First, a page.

From Sidewalk 201 – June 2013
Who is Dom Henry?
This is a question that has been on many a skateboarder’s mind for over a decade now. The first I heard was of some kid from Reading that was a lot better than you. He skated for Clown Skateboards (Skipp’s company at the time), sharing the team with the likes of Benny Fairfax and Chris Oliver etc. Retrospectively, all that held him back was his lack of clothing size ratios as he was no stranger to the baggy trousers / tight t-shirt combo.
We both ended up riding for DC and when we eventually met I had no idea who he was, he thought I was a filmer and he also randomly knew my brother. To think that people aren’t that familiar with Dom’s skating is absolutely cray. If he was born in SF around the pier 7 era I’m sure Kelch would be dropping his name along side Henry Sanchez or say…Marcus McBride.
Dom spent the last ten years of his life establishing a global network of BFF’s spending time in New Zealand, Canada, France and London, (Manchester really)! This world tour solidified Dom’s global fame while maintaining his local mystery.
Today Dom is back on British soil and resides in the great city of Manchester where he holds it down on the streets, repping the 90’s, skating hard every day and blowing minds on the reg. He rides for Note skate shop, The Harmony Skateboards and Vic clothing. If you ever meet anyone that knows Dom, let them share a story with you, as it will certainly not be dull.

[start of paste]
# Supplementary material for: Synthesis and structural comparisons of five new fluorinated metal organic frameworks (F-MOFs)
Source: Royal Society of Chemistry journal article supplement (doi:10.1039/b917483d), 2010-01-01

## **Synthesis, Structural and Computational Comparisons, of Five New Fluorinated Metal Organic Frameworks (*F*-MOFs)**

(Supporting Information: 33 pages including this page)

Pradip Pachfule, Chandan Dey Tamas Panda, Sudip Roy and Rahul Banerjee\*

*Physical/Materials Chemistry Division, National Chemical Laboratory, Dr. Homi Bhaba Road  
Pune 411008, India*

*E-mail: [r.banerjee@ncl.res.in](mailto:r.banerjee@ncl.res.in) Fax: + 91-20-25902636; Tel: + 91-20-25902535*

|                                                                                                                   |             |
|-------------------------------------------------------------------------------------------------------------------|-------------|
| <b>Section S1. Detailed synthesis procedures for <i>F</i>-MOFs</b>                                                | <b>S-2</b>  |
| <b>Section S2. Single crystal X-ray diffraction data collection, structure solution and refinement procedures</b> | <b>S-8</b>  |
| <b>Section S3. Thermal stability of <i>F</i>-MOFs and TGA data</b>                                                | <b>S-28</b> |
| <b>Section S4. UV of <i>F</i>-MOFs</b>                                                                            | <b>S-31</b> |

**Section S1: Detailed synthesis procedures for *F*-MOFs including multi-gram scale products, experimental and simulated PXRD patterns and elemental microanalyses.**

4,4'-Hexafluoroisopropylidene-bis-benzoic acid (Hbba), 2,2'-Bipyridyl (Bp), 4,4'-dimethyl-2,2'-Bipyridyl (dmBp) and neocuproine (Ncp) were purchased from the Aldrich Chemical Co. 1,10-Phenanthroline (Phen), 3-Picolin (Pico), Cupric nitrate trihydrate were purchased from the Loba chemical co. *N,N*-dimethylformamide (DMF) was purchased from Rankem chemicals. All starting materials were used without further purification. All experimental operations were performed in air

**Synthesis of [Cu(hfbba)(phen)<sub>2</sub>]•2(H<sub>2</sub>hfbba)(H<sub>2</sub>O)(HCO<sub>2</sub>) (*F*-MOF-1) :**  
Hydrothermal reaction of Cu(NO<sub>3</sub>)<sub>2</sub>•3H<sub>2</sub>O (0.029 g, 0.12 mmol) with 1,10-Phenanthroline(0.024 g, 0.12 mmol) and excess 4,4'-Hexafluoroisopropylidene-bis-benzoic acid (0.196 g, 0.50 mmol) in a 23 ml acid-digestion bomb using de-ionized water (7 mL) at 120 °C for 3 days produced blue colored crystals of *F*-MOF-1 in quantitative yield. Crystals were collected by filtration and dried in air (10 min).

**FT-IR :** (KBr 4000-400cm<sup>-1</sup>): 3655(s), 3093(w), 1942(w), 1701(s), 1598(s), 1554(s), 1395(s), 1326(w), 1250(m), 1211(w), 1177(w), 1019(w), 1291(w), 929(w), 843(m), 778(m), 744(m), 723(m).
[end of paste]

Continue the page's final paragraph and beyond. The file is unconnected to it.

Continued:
Dom is a genuine dude and a good friend, there’s just one thing to remember if you have the pleasure to meet this skate gremlin…. Don’t feed him a drink after midnight.
-Tony Da Silva
Right then Dom – lets not fanny about with unnecessary crap – you’re a skate geek, particularly when it comes to videos so: give us the 5 most influential/cultural significant video parts/videos of all time and explain why please…
- Oh man, isn’t the first question supposed to ease you in? I’m stumped already. I feel like you’d have to be at least 40 to answer this properly. I can only talk about videos I’ve known about and been hyped on personally, so obviously I can’t do justice to all the stuff before my time like the Bones Brigade, Hosoi, even the Plan B videos which are amazing, all that stuff. It’s from before my time so I’d feel like a kook trying to talk about it. The five videos that have probably been the biggest influence on me in terms of re-watching over and over have been Trilogy, Mouse, FTC Penal Code, Photosynthesis and Waiting for the World. Those are the ones I’ve probably watched the most since I started but there are so many more. Eastern Exposure 3, Zoo York Mixtape and First Broadcast are up there too.